Check back later this week for the survey results.
Oh, condominiums. To own your own box of air in the sky, subject to the terms and conditions of your neighbors and building managers. Lex Luthor always had this right: either you own land or ponces wearing underwear on the outside can swoop in and ruin your good time.
We’ve got a couple of lawyer/condo issues floating around, so let’s tackle them together. We’ve got a Miami judge who allegedly likes to kick in doors to her own unit. And we’ve a New York lawyer who wants satisfaction over 109 missing square feet…
Nor does it create an attorney-client relationship between you and Above the Law. It may also constitute attorney advertising, depending on the state you’re in (such as boredom or apathy). Please consult the laws of your jurisdiction. If you have received this post in error, please print it and mail it to Elie. Then delete it (the post, not Elie) from your computer.
Nothing says “lawyers” like a good generic email footer. They first appeared around the turn of the century, soon after law firms begrudgingly accepted that “The Email” was here to stay. (Though I’ve heard that some firms still use fax machines. Perhaps only because their telex machines are busted.)
Like most things lawyers create, standard email footers were born out of fear. Such as fear that a single email exchange would lead some moron to think that he’d entered into an attorney-client relationship. Or fear that the authorities would consider an email about lunch plans to be improper attorney advertising. Or fear that an email containing a drunk-kitty YouTube video would somehow destroy someone’s attorney-client privilege.
The evolution of relationships between the genders continues. Currently, in law firms, there is an interesting conundrum; balancing the desire for a gender-blind workplace where “the best lawyer gets the work and advances” and the reality of navigating the complicated maze created by the fact that, in general, men and women do possess differences in their work styles. These variations impact who they work with, how they work, how they build professional connections and how organizations ultimately leverage, reward and recognize the talents of all.
Henry Ford sat on his workbench and sighed. A year earlier, he had personally built 13,000 Model Ts with his own hands. Fashioning lugnuts and tie rods by hand, Ford was loath to ask for help. Sure, there were things about the car that he didn’t quite understand. This explains the lack of reliable navigation systems in the Model T. But Ford persevered because he knew that unless he did everything, he could not reliably call these cars his own.
“Unless my own personal toil is responsible for it, it may as well be called a Hyundai,” Ford remarked at the time.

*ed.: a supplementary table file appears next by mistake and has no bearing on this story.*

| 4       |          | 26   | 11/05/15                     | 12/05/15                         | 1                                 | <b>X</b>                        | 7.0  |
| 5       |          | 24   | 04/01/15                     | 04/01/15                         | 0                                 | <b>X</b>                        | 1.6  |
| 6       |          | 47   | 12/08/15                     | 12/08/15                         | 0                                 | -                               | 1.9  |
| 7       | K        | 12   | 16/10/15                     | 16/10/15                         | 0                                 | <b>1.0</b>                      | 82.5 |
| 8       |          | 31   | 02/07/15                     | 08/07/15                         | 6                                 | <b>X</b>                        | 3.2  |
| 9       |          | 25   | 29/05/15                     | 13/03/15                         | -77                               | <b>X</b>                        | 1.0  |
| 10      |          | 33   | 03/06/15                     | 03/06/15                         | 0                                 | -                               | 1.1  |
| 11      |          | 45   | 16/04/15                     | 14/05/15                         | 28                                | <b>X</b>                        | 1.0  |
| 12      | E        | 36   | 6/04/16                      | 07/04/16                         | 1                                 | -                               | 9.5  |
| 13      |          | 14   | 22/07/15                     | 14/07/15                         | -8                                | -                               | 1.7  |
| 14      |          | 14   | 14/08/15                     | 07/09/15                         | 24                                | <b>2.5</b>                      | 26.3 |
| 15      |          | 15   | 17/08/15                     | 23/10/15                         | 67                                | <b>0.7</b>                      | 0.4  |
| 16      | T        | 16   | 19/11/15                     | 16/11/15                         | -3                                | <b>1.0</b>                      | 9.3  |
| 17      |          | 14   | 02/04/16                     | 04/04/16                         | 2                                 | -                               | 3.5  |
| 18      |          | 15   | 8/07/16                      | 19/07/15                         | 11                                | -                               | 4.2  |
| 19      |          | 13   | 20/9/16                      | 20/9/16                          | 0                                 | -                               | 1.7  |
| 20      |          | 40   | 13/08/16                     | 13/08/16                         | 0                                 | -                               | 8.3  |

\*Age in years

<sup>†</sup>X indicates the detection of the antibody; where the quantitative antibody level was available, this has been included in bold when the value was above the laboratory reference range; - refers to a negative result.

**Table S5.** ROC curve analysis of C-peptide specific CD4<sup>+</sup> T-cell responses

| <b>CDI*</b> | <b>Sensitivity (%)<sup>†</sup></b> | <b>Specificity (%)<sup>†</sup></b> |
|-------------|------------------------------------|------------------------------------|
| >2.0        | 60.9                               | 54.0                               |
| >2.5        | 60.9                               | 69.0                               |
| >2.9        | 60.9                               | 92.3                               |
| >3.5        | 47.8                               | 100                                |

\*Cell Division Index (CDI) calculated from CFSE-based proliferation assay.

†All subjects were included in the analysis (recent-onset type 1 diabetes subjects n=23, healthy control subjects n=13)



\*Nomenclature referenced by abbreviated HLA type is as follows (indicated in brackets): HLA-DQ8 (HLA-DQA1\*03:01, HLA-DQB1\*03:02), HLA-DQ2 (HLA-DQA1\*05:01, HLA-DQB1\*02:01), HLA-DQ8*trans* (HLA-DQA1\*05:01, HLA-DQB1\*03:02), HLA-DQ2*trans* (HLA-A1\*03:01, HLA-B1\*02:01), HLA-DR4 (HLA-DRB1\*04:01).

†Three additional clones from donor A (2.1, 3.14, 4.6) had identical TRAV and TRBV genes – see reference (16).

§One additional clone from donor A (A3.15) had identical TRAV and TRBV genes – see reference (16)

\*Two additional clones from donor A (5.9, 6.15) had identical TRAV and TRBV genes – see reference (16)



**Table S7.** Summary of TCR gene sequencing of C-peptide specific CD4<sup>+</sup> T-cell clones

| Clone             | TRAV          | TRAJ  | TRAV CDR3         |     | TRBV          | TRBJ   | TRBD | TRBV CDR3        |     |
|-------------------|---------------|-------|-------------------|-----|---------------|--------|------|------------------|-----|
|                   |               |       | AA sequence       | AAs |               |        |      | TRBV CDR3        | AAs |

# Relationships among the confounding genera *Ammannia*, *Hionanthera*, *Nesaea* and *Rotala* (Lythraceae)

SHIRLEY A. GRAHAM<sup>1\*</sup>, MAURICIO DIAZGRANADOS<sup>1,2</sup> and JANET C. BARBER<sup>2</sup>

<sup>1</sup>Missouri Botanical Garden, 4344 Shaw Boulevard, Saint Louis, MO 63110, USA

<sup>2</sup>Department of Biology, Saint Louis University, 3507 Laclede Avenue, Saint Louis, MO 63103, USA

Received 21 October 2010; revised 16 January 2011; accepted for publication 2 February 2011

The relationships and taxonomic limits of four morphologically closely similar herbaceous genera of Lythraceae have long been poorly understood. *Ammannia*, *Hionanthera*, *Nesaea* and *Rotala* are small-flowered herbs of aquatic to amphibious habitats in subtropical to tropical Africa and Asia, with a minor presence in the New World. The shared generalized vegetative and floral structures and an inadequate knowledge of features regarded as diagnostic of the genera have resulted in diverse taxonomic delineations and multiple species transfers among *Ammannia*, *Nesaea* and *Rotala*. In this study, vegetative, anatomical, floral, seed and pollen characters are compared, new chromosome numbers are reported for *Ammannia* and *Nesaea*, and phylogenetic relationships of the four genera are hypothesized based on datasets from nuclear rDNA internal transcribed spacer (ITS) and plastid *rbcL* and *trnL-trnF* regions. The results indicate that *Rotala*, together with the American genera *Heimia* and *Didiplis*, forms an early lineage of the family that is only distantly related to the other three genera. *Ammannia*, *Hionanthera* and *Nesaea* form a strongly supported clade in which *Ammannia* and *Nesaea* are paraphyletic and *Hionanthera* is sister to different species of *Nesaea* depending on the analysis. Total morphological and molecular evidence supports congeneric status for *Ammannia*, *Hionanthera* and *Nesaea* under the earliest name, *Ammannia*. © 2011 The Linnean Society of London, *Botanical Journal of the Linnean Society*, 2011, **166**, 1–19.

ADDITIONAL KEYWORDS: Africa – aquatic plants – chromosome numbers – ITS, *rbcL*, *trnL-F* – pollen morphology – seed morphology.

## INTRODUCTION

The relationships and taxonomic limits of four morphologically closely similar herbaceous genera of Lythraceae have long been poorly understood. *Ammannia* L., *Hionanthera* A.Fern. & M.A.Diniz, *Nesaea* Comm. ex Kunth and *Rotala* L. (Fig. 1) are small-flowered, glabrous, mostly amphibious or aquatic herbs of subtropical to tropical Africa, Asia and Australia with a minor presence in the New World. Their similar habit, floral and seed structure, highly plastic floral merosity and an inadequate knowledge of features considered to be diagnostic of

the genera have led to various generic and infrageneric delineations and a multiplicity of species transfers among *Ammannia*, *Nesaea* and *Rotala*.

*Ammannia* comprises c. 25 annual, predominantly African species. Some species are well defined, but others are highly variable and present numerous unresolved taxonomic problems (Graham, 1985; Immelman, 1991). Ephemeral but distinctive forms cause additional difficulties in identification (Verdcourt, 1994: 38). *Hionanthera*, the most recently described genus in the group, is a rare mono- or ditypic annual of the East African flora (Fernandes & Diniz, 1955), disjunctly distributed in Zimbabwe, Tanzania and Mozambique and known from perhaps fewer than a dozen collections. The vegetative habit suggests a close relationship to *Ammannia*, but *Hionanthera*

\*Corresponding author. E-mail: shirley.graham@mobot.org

The preceding may sound unfamiliar because it is categorically untrue. And also monumentally stupid. Henry Ford didn’t build all those cars by hand. He had help and plenty of it. Almost exactly one hundred years ago, Henry Ford opened up the most technologically advanced assembly line the world had ever seen. Built on the premise that work can be chopped up into digestible pieces and completed by many men better than one, the line ushered in an age of unparalleled productivity.
Today, an attorney refers business because he can’t do everything the client asks of him.
There are three reasons why this is way dumber than a made-up Henry Ford story…
Ed. note: The Asia Chronicles column is authored by Kinney Recruiting. Kinney has made more placements of U.S. associates, counsels and partners in Asia than any other recruiting firm in each of the past six years. You can reach them by email: [email protected].
Since late last year, things have been booming in Hong Kong / China in cap markets, especially Hong Kong IPOs. M&A deal flow has recently been getting a bit stronger as well. Although one can’t predict such things with any certainty, all signs are pointing to a banner entire 2014 for the top end US corporate and cap markets practices in Hong Kong / China. This is not really new news, as its been the feeling most in the market have had for a few months now and things continue to look good.
The head of our Asia practice, Evan Jowers, has been in Hong Kong for about 10 days a month (with trips every other month to both Shanghai and Bejing) for the past 7 months, and spending most of his time there meeting with senior US hiring partners at just about all the major US and UK firms there, as well as prospective candidates at all associate levels and partner levels, and when in the US, Evan works Asia hours and is regularly on the phone with such persons, as our the other members of our Asia team. Our Yuliya Vinokurova is in Hong Kong every other month and Robert is there about 5 times a year as well. While we have a solid Asia team of recruiters, Evan Jowers will spend at least some time with all of our candidates for Asia position. We have had long standing relationships, and good friendships in some cases, with hiring partners and other senior US partners in Asia for 8 years now.